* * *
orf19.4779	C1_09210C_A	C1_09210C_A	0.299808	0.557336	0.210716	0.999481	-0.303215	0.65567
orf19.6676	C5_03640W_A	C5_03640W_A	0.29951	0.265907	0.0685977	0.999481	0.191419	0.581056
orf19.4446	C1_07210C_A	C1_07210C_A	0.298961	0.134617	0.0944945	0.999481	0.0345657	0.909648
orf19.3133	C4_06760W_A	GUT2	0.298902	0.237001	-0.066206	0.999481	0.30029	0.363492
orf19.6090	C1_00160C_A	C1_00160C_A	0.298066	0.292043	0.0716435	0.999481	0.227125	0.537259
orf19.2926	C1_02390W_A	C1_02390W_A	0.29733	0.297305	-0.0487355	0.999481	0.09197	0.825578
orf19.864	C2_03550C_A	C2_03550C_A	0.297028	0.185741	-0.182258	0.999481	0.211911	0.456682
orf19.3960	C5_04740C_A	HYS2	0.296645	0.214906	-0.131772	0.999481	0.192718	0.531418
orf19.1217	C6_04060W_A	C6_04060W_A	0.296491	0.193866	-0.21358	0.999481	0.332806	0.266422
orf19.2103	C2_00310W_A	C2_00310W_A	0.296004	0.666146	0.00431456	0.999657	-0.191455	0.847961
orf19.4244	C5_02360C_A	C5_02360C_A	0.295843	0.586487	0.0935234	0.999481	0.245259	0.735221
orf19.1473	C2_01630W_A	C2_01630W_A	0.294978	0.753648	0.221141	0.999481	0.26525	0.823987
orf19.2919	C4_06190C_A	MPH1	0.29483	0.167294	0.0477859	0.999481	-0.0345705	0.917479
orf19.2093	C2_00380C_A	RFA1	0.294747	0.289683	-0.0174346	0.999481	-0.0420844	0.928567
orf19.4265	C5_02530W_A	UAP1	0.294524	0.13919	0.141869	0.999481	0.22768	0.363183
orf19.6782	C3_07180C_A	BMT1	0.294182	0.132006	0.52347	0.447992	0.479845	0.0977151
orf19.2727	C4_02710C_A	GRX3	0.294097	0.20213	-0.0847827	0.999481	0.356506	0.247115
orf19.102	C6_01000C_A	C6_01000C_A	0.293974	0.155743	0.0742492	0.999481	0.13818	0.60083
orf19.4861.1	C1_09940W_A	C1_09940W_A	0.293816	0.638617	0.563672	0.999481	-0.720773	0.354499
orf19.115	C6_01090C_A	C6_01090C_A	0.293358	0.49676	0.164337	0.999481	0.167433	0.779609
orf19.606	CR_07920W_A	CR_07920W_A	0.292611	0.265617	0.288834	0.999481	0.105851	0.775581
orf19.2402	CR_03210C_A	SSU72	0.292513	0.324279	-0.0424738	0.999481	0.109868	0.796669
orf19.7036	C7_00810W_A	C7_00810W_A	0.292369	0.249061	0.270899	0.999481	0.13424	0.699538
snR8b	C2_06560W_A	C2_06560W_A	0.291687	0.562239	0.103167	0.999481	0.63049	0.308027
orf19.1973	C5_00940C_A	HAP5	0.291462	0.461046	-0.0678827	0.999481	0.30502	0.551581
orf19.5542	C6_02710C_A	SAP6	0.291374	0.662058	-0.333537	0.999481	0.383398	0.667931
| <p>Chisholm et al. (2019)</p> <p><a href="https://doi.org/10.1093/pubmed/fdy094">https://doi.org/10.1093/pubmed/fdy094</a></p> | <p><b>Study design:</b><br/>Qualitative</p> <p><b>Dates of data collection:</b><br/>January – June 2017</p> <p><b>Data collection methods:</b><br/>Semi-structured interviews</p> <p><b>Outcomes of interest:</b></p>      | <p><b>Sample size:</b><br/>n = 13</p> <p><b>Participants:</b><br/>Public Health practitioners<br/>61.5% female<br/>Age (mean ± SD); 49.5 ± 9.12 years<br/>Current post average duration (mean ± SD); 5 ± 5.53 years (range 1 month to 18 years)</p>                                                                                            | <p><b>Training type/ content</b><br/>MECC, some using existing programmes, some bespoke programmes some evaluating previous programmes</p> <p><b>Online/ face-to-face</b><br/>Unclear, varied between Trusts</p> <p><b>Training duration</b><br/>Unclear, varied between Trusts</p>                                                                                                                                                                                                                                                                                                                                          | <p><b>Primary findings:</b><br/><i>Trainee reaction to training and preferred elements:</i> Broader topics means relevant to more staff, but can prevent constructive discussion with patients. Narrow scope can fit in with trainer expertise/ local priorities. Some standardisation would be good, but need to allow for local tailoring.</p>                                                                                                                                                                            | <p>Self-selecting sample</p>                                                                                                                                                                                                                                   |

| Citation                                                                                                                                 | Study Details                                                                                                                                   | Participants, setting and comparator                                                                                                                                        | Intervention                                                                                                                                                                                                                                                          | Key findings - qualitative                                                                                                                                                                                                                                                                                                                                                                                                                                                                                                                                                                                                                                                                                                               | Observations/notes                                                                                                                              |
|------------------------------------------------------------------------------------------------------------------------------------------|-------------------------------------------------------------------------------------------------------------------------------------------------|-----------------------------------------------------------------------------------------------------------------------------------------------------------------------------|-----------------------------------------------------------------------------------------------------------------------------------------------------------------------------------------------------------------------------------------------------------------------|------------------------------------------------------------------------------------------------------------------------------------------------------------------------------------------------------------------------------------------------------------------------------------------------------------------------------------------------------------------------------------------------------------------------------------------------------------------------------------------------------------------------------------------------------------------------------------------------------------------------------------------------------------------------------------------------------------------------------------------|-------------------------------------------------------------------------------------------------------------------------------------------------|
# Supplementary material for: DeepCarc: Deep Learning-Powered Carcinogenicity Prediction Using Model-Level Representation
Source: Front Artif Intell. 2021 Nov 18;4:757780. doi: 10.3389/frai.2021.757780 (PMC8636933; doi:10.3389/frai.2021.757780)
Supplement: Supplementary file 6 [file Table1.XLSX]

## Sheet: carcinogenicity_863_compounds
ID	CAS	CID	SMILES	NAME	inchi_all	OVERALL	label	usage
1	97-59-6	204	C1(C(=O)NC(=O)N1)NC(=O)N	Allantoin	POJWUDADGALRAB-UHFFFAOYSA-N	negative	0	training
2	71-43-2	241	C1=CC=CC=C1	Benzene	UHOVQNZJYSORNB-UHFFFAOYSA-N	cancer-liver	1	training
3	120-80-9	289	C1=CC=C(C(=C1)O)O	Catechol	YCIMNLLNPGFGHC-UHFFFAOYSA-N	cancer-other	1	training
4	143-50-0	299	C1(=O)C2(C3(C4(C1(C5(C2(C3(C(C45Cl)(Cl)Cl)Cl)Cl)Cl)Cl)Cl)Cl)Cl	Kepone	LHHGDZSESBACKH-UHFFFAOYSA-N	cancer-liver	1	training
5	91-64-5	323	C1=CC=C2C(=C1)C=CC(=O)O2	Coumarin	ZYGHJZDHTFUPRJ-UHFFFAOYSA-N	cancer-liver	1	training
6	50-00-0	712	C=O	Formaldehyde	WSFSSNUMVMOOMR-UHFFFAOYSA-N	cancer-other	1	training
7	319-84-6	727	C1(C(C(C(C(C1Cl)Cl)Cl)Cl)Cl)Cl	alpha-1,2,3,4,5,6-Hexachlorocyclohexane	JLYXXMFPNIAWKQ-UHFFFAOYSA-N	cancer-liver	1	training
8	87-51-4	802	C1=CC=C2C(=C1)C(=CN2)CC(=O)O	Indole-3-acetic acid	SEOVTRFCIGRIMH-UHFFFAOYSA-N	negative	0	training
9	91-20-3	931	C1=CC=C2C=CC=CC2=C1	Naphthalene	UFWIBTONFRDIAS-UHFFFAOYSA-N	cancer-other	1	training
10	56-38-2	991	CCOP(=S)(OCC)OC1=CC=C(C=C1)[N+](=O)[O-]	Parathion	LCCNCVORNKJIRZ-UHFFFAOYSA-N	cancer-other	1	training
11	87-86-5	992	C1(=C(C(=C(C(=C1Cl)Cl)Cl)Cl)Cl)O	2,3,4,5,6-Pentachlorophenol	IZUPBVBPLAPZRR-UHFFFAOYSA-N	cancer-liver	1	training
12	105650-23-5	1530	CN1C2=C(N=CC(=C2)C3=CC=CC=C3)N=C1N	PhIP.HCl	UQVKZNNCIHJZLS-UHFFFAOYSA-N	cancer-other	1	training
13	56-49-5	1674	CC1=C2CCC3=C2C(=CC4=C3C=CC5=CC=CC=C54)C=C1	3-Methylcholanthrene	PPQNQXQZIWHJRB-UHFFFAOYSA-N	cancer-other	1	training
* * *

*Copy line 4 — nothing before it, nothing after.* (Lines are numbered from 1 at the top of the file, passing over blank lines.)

orf19.3133	C4_06760W_A	GUT2	0.298902	0.237001	-0.066206	0.999481	0.30029	0.363492